Herman Leonard’s love of jazz and photography brought him to New York’s Greenwich Village in 1948 where he setup a small studio.  He offered to shoot publicity stills for musicians in exchange for a ticket into the smoke-filled nightclubs of Broadway, 52nd Street and Harlem.

The fast-paced changes and complex rhythms and melodies of bebop music was predominant during the era.  It flowed through the sax playing of Stan Getz, Dexter Gordon and Charlie “Bird” Parker.  It echoed through the trumpet of Dizzy Gillespie and the guitar playing of Barney Kessel and in the arrangements of Gil Evans among others.  

The sound was unpopular among big band swing fans because it was fast, loud, furious and unsuited for dancing.   

“When I walked into a jazz club, I was fascinated by the atmosphere, in general. I wanted to make, yes, individual pictures of the musicians I admired a great deal, but I also wanted to record the scene so that later on, if I looked at that picture, it brought back the memory, even the feeling or the smells of that night,” he said.

Bebop was the music of people who knew discrimination and bigotry firsthand. As a Jew growing up in Allentown, Pa., Leonard could relate.

Modern jazz developed from the bebop movement.  Dexter Gordon in particular had a wild, freewheeling sound that was foreign to most mainstream Americans in the 1950s.  Bebop put instruments and especially horns at the center of the music.    

Leonard was there with his camera at Birdland and the Royal Roost to capture much of the hothouse club atmosphere on film.  It also gave him a chance to befriend jazz greats like Miles Davis, Dizzy Gillespie, Charlie Parker, Lena Horne, Billie Holiday, and Louis Armstrong.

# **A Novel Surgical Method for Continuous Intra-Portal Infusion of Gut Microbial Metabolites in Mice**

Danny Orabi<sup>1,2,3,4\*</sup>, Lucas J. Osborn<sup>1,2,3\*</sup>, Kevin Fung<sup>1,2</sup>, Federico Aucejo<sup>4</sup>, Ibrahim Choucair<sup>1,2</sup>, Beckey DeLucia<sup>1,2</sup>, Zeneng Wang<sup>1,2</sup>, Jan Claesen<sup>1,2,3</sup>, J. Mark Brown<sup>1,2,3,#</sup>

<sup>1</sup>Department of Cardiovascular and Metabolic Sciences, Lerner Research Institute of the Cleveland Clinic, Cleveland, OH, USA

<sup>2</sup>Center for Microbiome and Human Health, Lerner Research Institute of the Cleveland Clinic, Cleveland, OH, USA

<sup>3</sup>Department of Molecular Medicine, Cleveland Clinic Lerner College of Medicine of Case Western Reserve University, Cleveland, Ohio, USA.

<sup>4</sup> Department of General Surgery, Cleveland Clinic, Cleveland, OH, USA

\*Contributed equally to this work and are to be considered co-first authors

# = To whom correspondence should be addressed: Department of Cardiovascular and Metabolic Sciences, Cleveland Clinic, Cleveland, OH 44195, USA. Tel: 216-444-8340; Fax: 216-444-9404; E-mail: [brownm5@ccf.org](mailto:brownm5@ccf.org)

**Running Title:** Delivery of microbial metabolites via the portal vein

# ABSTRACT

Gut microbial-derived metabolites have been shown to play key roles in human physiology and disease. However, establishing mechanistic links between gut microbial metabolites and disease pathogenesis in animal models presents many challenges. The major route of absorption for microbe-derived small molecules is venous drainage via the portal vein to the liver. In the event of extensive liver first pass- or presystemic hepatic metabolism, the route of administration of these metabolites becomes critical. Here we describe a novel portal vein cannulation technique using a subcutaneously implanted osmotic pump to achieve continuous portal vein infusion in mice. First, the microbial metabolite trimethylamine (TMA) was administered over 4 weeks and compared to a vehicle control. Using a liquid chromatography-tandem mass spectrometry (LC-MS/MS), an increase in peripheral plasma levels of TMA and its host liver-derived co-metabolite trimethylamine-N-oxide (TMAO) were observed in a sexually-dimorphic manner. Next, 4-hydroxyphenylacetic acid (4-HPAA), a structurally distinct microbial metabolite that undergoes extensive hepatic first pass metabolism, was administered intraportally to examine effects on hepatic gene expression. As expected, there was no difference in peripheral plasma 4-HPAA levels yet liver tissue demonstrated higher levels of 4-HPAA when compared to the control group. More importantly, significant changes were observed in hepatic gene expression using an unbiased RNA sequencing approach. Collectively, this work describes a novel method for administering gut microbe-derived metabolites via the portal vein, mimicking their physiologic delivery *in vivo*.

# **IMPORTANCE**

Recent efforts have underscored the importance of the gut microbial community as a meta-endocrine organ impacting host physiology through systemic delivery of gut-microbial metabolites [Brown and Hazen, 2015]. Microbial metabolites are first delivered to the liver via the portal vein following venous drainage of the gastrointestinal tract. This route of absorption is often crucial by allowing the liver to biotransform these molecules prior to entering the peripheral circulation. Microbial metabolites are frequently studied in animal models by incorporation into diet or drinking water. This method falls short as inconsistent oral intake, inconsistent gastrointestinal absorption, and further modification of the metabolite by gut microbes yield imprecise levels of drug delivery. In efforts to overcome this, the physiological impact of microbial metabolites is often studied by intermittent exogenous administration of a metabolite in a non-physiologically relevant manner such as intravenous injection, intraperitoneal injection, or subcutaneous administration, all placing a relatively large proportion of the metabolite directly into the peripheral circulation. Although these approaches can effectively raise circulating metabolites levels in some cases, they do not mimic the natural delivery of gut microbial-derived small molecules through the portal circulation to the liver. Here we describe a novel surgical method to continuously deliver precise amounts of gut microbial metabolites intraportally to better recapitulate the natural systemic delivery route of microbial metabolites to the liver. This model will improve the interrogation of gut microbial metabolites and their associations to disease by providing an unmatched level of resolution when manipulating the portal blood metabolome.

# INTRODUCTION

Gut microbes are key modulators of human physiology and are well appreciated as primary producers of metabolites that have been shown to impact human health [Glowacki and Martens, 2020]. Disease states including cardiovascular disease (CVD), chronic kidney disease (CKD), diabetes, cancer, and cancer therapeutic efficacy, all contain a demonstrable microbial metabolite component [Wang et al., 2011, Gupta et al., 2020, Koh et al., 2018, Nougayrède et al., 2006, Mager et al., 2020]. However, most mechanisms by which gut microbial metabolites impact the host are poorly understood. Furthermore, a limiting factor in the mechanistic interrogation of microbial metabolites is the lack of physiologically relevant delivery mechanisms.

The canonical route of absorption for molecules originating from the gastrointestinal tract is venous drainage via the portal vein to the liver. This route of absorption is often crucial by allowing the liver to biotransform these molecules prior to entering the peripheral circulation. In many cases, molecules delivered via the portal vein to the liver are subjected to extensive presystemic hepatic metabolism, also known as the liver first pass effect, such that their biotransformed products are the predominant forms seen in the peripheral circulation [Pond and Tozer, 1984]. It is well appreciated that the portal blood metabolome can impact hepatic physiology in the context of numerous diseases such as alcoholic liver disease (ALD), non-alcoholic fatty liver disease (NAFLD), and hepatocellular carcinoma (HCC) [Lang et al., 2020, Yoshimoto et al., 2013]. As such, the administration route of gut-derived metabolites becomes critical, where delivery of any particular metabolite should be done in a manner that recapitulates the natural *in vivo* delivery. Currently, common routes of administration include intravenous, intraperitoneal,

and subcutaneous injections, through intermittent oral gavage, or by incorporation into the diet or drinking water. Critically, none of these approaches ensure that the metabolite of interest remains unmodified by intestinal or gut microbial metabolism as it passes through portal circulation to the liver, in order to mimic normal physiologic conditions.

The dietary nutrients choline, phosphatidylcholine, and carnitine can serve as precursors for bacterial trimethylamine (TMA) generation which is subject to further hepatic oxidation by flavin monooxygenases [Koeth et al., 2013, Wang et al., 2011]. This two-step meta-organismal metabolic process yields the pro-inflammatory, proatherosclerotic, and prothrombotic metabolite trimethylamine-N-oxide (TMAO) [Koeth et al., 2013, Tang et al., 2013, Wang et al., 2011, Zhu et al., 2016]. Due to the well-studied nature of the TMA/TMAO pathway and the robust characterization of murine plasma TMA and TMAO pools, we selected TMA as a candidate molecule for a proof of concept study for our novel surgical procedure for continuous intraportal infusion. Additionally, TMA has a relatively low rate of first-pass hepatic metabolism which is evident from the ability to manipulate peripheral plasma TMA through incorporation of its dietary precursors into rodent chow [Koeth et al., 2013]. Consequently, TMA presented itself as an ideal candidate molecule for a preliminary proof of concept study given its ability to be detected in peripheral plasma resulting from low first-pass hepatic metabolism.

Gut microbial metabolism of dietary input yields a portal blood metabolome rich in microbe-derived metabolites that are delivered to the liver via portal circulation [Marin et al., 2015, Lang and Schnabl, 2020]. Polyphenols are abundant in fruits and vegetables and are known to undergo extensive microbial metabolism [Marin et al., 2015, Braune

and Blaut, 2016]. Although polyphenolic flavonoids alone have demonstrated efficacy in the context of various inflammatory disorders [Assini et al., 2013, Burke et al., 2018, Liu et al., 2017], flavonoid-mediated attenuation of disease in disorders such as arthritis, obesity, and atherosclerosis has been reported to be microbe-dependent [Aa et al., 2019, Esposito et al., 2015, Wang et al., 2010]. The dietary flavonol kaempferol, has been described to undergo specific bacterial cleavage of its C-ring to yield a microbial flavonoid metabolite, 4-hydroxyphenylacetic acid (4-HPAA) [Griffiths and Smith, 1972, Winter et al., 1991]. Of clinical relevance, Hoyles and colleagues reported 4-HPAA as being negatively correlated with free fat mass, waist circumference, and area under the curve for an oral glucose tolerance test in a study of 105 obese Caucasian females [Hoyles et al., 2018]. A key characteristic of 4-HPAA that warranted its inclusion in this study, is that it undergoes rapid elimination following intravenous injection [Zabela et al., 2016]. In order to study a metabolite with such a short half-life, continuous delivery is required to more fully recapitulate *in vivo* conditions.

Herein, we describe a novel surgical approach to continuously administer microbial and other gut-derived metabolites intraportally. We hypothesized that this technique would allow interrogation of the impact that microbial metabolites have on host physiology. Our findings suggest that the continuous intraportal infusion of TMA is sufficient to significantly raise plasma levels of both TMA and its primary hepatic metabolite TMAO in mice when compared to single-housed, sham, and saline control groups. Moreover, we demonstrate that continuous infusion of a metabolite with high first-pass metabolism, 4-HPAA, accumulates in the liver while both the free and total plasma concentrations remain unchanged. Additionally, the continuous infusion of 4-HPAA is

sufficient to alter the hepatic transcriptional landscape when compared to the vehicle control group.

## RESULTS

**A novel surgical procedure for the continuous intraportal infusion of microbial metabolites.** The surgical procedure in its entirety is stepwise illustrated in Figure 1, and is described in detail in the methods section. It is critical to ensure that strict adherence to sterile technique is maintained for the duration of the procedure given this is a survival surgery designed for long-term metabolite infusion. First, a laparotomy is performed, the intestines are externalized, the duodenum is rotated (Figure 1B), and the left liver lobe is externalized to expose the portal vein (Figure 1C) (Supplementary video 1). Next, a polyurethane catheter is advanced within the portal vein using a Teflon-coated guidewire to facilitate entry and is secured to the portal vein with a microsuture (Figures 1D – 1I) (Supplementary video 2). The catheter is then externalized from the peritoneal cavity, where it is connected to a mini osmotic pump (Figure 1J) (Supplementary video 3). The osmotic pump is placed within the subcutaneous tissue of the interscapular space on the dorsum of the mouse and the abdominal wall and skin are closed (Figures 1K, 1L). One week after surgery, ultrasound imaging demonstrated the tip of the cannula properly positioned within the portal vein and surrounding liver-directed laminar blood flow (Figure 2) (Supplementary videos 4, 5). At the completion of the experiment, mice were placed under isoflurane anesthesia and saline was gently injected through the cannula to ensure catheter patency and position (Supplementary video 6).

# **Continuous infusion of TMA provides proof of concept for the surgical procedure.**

He said he wasn’t aware at the time of how important these musicians were or how legendary they would become.  Many of his photos ended up on Jazz albums as well as in Downbeat and Metronome magazines.

In addition to photographing the city’s dancers, musicians and actors, Leonard also worked for Life, Esquire, Look, Cosmopolitan, and Playboy.

His dramatically lit images of Nat King Cole, Miles Davis, Billie Holiday, Charlie Parker, and Duke Ellington in the 1940s and 50s immortalized the artists and the clubs on 52nd Street.  Smoke in the foreground of his photos was his trademark.     

“You know you meet special people, creative people like a Duke Ellington. Duke was the Beethoven of jazz or the Bach. Dizzy was the clown and the musical genius. [But] Miles Davis was a profound intense intellectual jazz musician. I call Miles the Picasso of jazz because of the various stages that he went through in his creative career,” he said.

Leonard died on Aug. 14, 2010, in Los Angeles, CA.  He was 87.

On July 28, New Orleans Auction Galleries featured a selection of Leonard’s photos in its sale.

Here are some current values.

Herman Leonard Silver Gelatin Prints

Nat King Cole and Cannonball Adderley; 2 photos; signed, titled and dated; NYC 1956; printed circa 1990; 14 inches by 11 inches;  $1,000.

Dexter Gordon and Chet Baker; 2 photos; signed, titled and dated; NYC 1948; printed circa 1990; 14 inches by 11 inches;  $2,250.

Dr. John; signed and titled; San Francisco, 1989; 20 inches by 16 inches;  $3,500.

Doc Cheatham; Cheatham with Nicholas Payton; and Palm Court Café, New Orleans; 3 photos; signed, titled and dated; 1996-97; 20 inches by 16 inches; 14 inches by 11 inches;  $4,000.

Rosemary McKittrick is a storyteller.  For 27 years she has brought the world of collecting to life in her column.  Her LiveAuctionTalk.com website is a mother lode of information about art, antiques and collectibles.  Rosemary received her education in the trenches working as a professional appraiser.  Visit the website at www.liveauctiontalk.com